Which of these two methods would you use to apply a force?

  1. Begin with a gentle pressure until the hole starts to be formed, then gradually increase the force.
  2. Immediately push the drill as hard as you can into the metal.

Hopefully, you chose the first option.

Why is the second option not viable? If you have ever done this with a drill, you will know that the drill bit either skids uncontrollably over the material or it breaks immediately. The forces are too high in several directions. Either your compliant arm can’t withstand those forces or the drill bit can’t.

When a robot is instructed to drill into a material using only position control, it is the equivalent of using the second method. The robot can’t detect the forces so it pushes as strongly as its motors can manage.

Force control makes sure that the applied force never reaches such high forces.

How to Use Force Control in RoboDK

There are two ways to add a force controller to your robot in RoboDK. As force control is an advanced control method, they do require you to use programming.

Option 1: Create a Custom Post-Processor

Probably the easiest option is to create a custom post-processor for your robot and include force control commands in it.

The post-processor is what turns your RoboDK simulation into code which the robot can understand. See our previous article for information on how to create custom post-processors.

This option will be much easier if force control is available for your robot from the manufacturer. For example, the KUKA IIWA has an impedance control mode which can be activated in a few lines of code.

If no such option is available, you will either have to write your own force controller in the robot programming language or source another solution from a partner of the robot manufacturer.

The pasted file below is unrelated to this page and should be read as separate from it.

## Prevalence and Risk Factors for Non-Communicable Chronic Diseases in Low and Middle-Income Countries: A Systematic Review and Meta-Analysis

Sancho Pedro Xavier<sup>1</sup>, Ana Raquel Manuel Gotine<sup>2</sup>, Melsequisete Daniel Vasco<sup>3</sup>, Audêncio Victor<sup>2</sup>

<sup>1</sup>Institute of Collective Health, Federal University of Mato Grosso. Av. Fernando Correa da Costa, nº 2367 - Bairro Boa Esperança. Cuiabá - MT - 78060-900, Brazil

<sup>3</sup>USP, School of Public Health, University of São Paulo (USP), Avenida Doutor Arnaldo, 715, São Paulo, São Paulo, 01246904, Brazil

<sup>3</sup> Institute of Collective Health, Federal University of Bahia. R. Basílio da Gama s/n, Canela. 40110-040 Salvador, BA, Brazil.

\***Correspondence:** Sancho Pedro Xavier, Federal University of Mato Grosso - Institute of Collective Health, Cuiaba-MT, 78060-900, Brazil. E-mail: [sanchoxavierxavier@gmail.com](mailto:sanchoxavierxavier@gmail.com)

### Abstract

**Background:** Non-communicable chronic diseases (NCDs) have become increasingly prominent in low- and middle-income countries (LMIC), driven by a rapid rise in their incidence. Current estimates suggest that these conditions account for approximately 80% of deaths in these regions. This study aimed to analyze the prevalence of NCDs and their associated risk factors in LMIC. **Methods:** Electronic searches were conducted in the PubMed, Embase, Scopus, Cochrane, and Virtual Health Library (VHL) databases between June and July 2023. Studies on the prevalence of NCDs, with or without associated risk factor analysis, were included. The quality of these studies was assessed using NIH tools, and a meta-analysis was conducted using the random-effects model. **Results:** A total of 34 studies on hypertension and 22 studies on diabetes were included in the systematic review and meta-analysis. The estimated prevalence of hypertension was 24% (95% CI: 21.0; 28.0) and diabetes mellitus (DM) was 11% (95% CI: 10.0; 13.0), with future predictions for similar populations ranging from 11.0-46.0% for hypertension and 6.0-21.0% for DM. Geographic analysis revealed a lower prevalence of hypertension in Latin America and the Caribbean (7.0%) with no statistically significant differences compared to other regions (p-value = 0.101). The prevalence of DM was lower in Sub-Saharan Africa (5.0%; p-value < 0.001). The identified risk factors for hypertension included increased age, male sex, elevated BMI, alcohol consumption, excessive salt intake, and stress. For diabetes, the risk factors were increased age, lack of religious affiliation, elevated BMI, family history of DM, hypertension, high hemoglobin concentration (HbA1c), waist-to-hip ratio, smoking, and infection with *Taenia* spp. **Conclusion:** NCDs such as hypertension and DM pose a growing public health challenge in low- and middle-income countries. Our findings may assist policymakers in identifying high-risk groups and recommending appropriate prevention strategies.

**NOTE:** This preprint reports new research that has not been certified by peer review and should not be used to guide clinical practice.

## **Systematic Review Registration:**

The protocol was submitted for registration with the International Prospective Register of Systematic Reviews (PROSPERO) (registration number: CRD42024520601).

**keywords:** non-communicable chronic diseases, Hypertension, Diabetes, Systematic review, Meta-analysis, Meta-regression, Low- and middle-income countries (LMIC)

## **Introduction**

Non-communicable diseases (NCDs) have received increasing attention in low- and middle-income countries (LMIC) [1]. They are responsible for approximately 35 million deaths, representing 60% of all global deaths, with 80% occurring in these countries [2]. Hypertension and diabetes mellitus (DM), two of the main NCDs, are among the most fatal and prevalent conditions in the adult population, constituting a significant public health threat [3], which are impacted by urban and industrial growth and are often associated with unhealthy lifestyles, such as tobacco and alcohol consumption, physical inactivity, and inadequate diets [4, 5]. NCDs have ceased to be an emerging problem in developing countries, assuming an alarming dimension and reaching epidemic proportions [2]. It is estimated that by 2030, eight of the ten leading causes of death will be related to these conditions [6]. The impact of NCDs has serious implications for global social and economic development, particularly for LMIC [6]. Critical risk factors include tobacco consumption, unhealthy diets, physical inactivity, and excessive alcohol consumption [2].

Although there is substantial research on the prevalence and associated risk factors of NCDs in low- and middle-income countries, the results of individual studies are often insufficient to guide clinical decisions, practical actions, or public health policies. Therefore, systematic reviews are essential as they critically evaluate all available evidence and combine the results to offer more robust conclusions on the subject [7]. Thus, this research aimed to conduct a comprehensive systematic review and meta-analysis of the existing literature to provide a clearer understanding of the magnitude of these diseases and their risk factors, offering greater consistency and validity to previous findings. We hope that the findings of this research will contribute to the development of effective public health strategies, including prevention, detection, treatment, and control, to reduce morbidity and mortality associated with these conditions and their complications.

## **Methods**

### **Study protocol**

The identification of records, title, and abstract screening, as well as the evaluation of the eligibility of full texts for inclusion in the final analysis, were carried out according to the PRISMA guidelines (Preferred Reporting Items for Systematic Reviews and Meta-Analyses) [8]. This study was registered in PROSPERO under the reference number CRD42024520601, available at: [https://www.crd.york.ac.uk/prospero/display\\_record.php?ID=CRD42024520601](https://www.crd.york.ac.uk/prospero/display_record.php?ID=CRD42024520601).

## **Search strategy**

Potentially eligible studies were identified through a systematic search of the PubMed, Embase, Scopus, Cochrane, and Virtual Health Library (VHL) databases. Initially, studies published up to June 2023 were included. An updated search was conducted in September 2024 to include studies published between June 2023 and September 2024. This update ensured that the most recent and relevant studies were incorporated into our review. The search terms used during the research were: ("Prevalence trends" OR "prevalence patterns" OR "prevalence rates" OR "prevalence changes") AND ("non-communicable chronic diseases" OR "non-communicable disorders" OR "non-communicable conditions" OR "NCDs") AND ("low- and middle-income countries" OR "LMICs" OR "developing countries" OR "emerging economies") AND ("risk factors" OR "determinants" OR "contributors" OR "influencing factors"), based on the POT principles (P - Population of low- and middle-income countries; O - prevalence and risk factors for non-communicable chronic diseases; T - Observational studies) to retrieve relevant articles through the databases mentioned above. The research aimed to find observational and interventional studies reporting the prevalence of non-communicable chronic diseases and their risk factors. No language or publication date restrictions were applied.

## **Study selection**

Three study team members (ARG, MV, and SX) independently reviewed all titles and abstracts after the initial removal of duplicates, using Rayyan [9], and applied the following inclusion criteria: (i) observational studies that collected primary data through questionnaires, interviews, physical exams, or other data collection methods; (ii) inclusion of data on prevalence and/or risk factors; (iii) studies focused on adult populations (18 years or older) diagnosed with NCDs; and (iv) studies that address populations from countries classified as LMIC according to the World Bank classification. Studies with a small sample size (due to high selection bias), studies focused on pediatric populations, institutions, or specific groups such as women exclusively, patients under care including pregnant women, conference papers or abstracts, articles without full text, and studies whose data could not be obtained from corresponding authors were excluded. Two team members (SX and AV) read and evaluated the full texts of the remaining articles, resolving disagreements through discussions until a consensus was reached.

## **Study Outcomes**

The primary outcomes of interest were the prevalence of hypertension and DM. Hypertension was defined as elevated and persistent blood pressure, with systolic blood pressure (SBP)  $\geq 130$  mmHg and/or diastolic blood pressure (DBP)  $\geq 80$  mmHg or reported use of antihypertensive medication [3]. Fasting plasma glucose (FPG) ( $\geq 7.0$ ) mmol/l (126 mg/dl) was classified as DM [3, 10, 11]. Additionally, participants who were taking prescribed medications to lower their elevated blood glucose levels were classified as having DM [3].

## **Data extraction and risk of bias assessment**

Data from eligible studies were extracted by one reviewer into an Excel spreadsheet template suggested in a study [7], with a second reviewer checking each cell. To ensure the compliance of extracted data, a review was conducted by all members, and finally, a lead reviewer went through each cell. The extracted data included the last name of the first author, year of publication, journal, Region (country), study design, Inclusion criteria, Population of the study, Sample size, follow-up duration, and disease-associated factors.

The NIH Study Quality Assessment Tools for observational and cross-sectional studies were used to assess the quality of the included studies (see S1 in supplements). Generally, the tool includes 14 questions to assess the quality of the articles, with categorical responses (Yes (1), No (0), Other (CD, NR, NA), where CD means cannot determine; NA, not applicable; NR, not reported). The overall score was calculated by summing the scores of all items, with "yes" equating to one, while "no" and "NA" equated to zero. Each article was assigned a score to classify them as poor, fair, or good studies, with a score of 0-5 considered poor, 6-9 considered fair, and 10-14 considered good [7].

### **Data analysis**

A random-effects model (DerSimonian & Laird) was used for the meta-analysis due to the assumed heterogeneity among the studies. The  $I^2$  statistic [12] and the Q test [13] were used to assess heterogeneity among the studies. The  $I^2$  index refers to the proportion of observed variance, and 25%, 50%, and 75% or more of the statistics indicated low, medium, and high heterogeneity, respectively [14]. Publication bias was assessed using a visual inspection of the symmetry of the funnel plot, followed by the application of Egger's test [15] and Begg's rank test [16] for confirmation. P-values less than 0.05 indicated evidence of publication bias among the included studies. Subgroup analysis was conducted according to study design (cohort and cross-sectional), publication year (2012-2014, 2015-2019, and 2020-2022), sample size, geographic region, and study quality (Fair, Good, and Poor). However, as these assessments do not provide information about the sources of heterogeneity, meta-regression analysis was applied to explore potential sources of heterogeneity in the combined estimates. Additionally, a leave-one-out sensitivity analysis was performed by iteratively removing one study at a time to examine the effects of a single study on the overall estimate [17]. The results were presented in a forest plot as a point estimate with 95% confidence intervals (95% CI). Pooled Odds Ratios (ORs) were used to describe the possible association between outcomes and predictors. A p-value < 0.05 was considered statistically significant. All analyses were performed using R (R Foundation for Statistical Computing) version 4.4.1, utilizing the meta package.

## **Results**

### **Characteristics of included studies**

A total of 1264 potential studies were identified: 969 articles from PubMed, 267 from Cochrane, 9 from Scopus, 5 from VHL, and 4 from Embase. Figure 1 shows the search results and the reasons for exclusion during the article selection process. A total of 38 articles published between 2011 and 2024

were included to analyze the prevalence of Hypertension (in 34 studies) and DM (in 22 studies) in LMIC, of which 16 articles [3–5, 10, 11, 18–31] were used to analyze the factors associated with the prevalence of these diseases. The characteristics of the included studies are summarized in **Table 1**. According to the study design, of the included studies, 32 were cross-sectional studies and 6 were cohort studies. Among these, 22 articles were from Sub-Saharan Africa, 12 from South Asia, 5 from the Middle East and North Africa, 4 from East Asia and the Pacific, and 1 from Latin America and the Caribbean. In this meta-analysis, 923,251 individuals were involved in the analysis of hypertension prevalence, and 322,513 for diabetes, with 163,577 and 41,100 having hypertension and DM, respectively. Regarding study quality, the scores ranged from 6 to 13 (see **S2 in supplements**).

Option 2: Use the RoboDK API

The second option is to use your computer to directly control the robot via the RoboDK API. This allows you to implement the force controller on the computer by using RoboDK as a master and the robot controller as a slave.

The advantage of this option is that you can use force control even if it is not provided by the robot manufacturer. Using one of the languages supported by RoboDK (Python, C#, C++, and Matlab) you have the option of many libraries and APIs which can make it easier to implement your chosen controller.

This is certainly not an “off the shelf solution” as you will almost certainly have to do quite a lot of programming to get the controller working reliably. However, it is a flexible option and can be used with most robots.

Thankfully, more and more robot manufacturers are providing force control for their robots, either themselves or through third-party partners. With a little bit of research and not a lot of programming, you can use RoboDK to improve the quality of your robot machining with force control.

What questions do you have about force control? Tell us in the comments below or join the discussion on LinkedIn, Twitter, Facebook, Instagram or in the RoboDK Forum.

Alex Owen-Hill

About Alex Owen-Hill

Alex Owen-Hill is a freelance writer and public speaker who blogs about a large range of topics, including science, presentation skills at CreateClarifyArticulate.com, storytelling and (of course) robotics. He completed a PhD in Telerobotics from Universidad Politecnica de Madrid as part of the PURESAFE project, in collaboration with CERN. As a recovering academic, he maintains a firm foot in the robotics world by blogging about industrial robotics.

View all posts by Alex Owen-Hill